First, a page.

Anyway, back to the dumb app I made.

This morning I wanted to fix the contrast of the menu bar’s text against my wallpaper. My first thought was to just put a dark or light border (depending on the wallpaper) on the image itself. But I like to change my wallpaper frequently, so that could get tedious.

Next idea. The menu bar is transparent. I’ll build a quick app that floats a window with a solid background color behind it.

Sadly, after an hour of screwing around with NSWindow.Level, I was never able to find the correct incantation of black magic to position a window behind the menu bar. However, I did figure out that I can place one on top with the right window settings, which gave me a path forward.

Two hours of tinkering later, I came up with a working solution. Here’s the ridiculous Rube Goldberg machine that keeps my menu bar legible.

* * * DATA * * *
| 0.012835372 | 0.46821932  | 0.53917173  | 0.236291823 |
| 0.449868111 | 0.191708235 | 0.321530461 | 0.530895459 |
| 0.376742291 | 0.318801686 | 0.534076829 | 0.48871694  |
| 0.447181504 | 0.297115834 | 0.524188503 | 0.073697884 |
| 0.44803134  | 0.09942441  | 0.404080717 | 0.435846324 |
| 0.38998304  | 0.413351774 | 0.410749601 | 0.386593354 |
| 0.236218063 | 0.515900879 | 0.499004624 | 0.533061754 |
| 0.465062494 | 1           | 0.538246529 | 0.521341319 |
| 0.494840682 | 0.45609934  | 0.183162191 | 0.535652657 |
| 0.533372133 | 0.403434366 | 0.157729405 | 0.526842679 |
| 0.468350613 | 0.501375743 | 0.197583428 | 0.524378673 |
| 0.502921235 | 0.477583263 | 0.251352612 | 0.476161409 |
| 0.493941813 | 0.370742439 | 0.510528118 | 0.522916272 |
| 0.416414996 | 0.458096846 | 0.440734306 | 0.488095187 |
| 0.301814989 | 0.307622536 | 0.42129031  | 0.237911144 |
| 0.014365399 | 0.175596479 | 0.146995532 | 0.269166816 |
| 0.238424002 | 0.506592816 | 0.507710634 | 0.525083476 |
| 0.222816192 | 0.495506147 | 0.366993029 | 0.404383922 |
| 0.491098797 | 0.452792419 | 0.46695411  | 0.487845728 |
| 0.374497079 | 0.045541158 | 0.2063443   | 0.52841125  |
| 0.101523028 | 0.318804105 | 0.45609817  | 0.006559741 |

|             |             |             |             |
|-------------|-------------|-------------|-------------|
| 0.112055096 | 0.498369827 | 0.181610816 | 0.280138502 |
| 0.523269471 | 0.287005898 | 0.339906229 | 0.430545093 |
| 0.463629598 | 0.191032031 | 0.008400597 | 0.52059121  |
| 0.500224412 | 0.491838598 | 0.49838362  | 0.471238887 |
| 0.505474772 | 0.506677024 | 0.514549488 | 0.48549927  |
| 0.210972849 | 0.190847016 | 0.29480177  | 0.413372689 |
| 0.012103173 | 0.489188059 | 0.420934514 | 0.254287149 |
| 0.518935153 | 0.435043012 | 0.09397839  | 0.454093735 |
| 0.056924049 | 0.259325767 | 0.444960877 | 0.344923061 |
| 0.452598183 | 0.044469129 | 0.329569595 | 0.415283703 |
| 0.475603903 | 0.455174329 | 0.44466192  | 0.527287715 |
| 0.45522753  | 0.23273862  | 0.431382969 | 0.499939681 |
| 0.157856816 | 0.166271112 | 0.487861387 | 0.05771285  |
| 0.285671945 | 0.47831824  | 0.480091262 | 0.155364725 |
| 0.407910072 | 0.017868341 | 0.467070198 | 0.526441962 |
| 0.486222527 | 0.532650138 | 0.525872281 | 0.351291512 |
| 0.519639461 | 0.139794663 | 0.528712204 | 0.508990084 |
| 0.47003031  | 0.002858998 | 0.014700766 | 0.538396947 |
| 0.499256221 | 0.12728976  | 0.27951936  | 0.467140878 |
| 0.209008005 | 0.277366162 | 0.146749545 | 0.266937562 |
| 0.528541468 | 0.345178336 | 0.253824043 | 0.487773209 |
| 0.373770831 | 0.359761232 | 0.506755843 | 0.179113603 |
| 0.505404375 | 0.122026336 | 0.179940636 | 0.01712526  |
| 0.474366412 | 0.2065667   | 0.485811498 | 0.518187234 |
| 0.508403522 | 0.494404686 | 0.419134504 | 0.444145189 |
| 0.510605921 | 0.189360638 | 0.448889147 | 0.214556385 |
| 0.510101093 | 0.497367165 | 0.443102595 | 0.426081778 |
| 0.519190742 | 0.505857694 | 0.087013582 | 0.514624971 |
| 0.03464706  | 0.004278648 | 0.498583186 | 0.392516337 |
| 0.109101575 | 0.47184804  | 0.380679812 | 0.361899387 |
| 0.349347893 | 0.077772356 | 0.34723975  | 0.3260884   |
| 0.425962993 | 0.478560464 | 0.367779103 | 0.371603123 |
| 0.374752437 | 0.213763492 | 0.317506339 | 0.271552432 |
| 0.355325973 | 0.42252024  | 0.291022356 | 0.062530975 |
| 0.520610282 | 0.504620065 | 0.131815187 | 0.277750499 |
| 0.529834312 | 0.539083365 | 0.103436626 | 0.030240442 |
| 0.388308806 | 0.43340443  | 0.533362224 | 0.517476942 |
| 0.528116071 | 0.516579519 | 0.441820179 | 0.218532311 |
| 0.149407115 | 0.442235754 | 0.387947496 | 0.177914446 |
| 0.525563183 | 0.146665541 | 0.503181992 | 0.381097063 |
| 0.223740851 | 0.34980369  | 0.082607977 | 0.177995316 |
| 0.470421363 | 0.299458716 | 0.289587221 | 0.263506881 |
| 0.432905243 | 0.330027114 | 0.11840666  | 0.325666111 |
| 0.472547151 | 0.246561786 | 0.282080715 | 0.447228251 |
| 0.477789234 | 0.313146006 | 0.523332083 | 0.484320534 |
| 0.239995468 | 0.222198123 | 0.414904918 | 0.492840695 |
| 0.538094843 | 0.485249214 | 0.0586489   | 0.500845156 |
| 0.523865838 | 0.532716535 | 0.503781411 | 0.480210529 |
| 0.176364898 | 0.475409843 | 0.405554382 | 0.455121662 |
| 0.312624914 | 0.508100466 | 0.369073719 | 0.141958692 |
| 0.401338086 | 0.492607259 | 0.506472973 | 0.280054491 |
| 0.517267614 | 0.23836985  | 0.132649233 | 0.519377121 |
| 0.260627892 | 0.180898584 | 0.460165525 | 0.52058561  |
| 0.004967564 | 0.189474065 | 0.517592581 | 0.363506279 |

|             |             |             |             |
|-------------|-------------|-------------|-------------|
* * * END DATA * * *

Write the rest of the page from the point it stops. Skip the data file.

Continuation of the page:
First, position a borderless NSWindow without a title using the same frame as the menu bar like this:

backgroundColor = .windowBackgroundColor
ignoresMouseEvents = true
styleMask = [.borderless]
level = NSWindow.Level.init(Int(CGWindowLevelForKey(CGWindowLevelKey.mainMenuWindow)))
let aRect = NSRect(x: 0, y: screen.frame.size.height - 24, width: screen.frame.size.width, height: 24)
setFrame(aRect, display: true)

That puts the correct (for me), solid color over the menu bar, but you can’t see the menu items behind it since it’s not transparent (kinda the point).

How do I get the menu items on top of my custom window?

Easy. You just, uh…

  1. Observe NSWorkspace.didActivateApplicationNotification
  2. When a new app becomes active, use AppleScript to fetch its top-level menu items.